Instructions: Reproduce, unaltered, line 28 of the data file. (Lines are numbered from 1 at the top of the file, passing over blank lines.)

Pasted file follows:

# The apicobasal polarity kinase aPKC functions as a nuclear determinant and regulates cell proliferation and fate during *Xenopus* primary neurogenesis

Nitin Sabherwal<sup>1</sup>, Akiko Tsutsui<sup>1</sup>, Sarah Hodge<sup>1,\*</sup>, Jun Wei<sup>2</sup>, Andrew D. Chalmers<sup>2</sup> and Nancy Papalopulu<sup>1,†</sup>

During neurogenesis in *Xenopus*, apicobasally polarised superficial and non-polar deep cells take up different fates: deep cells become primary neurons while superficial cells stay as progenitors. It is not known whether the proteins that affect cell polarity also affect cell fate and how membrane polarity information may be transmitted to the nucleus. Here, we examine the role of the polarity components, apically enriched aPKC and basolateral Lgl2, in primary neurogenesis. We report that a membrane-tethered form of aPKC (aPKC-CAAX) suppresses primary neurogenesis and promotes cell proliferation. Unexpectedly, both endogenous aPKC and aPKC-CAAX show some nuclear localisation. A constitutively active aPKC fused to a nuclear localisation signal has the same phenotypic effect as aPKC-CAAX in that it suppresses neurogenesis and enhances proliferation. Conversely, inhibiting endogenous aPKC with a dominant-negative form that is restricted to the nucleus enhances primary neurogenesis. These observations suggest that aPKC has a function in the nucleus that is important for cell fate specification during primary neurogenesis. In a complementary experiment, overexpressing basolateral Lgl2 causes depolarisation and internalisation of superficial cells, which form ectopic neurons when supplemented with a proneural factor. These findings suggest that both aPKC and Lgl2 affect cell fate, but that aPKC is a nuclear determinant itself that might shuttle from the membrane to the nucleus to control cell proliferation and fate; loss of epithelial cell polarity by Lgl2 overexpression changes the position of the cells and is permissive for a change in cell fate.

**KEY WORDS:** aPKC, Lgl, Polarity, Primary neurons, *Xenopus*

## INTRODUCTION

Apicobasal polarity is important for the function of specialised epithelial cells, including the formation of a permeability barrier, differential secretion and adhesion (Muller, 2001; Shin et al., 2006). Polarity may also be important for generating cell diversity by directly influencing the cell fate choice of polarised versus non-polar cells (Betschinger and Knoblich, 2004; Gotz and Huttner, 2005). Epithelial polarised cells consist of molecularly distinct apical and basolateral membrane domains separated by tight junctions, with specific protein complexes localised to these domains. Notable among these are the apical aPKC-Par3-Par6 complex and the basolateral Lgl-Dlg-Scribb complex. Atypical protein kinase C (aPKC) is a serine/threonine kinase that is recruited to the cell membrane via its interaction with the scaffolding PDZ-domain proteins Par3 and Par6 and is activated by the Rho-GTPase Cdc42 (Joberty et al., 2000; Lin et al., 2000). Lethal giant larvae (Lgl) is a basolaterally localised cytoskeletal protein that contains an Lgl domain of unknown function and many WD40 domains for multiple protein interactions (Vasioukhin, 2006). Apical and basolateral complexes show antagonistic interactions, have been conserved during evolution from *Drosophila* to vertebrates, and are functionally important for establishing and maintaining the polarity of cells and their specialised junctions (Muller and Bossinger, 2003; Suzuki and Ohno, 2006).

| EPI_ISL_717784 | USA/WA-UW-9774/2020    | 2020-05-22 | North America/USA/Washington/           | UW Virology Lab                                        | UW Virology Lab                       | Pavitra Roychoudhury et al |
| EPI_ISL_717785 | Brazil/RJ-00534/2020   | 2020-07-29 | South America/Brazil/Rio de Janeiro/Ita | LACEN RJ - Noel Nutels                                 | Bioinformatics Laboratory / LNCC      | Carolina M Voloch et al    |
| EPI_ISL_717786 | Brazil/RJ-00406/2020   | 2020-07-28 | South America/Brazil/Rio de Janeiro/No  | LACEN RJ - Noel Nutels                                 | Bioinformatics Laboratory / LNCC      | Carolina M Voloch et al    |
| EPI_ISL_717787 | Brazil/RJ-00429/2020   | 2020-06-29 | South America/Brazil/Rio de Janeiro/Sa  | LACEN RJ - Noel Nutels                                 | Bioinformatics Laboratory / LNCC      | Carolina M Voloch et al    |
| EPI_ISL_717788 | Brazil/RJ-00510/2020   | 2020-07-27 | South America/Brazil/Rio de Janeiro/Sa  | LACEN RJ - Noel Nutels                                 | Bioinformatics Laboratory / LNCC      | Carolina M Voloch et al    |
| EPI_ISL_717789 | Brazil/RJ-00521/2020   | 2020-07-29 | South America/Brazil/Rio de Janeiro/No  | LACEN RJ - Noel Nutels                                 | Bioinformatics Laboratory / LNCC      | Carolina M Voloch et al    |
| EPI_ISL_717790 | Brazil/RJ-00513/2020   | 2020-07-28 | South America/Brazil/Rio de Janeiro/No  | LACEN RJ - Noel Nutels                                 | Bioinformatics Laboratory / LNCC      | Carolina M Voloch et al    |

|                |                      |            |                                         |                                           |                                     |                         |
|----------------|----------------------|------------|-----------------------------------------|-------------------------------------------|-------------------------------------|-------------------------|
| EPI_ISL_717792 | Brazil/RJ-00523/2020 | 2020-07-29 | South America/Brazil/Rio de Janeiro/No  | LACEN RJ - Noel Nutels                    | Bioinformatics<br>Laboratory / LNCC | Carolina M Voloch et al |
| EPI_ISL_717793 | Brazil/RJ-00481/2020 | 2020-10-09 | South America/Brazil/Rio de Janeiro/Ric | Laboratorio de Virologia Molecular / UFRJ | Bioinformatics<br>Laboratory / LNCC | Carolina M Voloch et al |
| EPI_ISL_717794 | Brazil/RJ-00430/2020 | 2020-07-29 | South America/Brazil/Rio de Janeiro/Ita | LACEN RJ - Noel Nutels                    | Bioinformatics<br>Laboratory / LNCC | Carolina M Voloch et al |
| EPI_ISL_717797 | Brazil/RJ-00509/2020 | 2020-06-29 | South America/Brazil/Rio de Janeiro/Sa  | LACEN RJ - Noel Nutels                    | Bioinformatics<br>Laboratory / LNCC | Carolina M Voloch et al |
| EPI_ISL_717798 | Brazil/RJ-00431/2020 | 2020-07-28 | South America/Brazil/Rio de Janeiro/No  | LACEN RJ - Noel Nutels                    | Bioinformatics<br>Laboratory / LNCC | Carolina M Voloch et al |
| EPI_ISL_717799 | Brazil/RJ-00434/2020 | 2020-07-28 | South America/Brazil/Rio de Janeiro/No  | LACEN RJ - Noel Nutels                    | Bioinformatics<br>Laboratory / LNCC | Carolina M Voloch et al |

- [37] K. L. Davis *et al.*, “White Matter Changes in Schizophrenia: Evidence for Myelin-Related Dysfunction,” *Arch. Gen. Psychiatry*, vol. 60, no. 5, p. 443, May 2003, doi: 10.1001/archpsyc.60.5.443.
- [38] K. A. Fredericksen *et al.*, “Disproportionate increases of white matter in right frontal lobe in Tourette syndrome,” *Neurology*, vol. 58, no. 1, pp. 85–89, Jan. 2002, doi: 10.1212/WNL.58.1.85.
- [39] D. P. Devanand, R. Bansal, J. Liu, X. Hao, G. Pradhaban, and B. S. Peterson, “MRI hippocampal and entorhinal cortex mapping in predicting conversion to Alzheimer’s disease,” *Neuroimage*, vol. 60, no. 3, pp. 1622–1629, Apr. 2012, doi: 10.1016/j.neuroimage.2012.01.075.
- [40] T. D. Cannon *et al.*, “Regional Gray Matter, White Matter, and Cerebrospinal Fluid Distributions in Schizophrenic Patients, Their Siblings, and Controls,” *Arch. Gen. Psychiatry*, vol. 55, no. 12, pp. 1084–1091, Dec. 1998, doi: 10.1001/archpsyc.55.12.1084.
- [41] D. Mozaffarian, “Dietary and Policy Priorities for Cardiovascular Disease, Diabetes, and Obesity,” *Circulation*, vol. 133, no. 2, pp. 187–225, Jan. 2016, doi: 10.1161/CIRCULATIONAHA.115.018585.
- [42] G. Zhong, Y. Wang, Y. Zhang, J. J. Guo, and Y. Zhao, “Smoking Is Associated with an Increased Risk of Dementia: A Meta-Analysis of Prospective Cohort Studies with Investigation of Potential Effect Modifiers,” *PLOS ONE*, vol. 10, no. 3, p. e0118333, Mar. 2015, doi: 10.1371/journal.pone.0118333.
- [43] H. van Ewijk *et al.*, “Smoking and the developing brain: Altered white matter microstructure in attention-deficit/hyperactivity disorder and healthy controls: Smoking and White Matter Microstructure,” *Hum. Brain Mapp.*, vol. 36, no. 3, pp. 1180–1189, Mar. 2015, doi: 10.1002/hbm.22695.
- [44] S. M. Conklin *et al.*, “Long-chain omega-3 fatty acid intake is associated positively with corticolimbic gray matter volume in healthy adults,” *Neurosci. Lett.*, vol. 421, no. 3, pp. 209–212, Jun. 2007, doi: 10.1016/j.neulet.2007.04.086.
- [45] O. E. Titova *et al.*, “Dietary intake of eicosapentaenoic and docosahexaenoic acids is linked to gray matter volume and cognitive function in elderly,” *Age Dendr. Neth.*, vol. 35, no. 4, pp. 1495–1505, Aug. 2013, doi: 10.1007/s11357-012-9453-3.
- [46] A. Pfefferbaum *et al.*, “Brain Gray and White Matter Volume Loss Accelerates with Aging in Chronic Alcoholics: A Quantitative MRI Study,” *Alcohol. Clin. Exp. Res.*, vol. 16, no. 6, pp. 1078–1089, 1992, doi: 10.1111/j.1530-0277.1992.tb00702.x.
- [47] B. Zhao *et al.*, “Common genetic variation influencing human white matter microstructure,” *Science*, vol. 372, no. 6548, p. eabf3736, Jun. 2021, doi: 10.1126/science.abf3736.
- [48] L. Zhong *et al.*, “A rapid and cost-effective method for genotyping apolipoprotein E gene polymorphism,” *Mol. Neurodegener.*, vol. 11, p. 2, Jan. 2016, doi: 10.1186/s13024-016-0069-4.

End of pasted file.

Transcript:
- [43] H. van Ewijk *et al.*, “Smoking and the developing brain: Altered white matter microstructure in attention-deficit/hyperactivity disorder and healthy controls: Smoking and White Matter Microstructure,” *Hum. Brain Mapp.*, vol. 36, no. 3, pp. 1180–1189, Mar. 2015, doi: 10.1002/hbm.22695.